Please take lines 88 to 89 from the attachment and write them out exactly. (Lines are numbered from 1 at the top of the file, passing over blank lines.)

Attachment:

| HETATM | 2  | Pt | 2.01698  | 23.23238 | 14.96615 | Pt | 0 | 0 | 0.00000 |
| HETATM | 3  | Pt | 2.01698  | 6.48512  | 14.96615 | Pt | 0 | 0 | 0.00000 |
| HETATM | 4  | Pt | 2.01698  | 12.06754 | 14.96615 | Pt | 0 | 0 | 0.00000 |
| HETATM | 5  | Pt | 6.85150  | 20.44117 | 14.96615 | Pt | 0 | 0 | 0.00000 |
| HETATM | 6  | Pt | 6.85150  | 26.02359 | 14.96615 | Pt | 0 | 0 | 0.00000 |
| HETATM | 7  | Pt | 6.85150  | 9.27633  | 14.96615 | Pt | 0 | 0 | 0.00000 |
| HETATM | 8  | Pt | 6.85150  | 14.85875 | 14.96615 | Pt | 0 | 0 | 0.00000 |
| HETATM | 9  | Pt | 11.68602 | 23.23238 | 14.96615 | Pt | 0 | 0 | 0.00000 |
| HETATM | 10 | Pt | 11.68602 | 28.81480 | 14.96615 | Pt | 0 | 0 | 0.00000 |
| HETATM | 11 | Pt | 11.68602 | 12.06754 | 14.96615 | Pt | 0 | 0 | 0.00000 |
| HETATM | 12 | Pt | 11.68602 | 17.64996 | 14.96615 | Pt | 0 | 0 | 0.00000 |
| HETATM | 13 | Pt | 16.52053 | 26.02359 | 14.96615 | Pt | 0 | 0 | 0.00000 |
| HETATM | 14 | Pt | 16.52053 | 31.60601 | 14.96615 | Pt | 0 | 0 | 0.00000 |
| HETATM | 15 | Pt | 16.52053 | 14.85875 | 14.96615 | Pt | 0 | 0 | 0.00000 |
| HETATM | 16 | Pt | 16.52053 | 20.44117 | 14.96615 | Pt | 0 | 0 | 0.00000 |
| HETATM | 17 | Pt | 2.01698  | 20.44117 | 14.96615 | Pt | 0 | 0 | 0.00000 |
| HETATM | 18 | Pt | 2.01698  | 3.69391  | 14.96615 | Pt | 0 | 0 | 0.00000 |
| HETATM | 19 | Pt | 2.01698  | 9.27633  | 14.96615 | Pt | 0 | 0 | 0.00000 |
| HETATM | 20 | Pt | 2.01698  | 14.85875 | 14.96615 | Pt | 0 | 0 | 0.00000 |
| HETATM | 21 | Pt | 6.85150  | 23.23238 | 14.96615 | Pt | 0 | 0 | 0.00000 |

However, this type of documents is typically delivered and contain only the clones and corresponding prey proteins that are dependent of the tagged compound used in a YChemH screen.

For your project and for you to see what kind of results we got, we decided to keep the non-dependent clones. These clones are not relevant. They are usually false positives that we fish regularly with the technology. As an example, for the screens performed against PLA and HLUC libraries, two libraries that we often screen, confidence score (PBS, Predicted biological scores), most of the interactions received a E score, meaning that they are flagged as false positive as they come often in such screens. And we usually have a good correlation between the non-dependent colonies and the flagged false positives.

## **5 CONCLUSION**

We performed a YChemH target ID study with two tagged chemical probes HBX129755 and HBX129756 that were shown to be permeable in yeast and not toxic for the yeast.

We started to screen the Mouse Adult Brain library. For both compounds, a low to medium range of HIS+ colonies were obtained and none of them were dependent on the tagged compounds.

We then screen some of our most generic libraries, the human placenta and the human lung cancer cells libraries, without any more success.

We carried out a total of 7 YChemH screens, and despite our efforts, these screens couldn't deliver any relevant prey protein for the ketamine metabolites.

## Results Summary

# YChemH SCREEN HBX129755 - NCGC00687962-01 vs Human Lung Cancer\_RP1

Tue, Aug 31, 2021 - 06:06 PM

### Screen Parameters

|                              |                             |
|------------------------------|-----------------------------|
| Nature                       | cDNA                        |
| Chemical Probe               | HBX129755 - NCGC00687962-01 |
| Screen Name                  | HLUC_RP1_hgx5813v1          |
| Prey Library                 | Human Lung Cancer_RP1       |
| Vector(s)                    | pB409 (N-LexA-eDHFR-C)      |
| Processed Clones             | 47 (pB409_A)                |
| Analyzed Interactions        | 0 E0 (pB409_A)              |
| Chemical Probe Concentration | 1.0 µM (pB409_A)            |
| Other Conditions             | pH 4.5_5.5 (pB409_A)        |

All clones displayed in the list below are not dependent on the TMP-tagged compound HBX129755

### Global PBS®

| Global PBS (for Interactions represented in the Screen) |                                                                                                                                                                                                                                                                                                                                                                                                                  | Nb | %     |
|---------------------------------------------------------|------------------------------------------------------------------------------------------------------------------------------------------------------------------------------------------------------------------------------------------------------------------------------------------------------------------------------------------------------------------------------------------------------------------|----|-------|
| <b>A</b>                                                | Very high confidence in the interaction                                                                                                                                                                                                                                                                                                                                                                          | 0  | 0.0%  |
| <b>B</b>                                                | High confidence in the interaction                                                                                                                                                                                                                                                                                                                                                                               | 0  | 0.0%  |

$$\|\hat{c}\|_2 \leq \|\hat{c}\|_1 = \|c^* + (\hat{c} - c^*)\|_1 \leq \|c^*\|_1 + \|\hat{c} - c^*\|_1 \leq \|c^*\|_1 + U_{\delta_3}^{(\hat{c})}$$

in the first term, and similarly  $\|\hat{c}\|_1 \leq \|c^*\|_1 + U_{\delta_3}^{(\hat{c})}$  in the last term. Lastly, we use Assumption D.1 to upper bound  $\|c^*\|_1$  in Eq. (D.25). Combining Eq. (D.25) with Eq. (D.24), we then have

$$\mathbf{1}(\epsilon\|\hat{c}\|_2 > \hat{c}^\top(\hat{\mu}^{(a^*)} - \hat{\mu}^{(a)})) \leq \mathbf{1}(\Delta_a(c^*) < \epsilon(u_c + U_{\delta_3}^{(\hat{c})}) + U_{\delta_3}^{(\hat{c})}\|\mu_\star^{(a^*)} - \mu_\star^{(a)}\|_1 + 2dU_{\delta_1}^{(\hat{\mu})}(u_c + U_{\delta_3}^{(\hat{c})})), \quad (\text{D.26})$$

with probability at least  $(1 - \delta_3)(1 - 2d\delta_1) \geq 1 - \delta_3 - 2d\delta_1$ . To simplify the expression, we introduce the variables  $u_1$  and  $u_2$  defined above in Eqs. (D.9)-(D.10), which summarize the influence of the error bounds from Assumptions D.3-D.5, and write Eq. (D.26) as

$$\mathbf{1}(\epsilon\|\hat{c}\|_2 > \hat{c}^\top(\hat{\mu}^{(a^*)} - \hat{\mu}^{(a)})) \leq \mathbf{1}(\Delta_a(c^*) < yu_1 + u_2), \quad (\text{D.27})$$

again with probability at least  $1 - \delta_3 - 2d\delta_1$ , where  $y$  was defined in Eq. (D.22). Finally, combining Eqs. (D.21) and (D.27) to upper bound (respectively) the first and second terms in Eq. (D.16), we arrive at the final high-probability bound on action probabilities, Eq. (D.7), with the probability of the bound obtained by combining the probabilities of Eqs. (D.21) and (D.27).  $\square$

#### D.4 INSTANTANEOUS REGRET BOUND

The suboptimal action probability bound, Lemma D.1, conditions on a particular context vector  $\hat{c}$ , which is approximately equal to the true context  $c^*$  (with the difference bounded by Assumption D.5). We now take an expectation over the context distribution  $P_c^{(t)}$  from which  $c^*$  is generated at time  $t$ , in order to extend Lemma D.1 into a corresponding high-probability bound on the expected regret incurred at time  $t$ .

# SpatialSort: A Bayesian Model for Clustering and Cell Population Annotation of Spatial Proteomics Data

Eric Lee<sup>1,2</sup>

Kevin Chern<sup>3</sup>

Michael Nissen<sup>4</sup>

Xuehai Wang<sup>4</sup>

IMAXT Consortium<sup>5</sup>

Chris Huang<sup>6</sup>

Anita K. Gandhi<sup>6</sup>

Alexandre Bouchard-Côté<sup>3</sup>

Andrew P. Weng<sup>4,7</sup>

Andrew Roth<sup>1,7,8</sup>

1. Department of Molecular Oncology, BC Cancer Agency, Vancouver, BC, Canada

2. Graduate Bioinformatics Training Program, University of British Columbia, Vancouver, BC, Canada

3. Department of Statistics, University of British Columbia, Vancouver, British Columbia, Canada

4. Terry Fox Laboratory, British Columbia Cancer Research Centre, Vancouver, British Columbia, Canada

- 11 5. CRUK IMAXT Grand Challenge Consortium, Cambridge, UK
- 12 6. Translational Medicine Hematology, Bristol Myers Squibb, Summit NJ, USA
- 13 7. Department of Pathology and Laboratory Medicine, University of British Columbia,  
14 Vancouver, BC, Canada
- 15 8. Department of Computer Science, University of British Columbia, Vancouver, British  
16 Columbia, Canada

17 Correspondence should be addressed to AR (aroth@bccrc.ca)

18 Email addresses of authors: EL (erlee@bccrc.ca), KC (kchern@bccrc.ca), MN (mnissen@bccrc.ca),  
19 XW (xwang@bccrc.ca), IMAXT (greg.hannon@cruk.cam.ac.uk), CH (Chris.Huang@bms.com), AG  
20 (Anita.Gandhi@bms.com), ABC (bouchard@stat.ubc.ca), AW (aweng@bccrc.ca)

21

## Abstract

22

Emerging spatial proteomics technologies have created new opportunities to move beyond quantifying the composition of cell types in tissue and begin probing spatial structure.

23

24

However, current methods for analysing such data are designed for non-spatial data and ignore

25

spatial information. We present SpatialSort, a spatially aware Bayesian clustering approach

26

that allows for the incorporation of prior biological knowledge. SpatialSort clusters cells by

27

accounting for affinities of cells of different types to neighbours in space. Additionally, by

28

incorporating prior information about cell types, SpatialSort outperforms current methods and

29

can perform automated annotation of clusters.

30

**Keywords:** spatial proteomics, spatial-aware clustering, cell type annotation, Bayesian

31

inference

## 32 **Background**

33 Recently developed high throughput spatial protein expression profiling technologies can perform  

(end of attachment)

However, current methods for analysing such data are designed for non-spatial data and ignore

25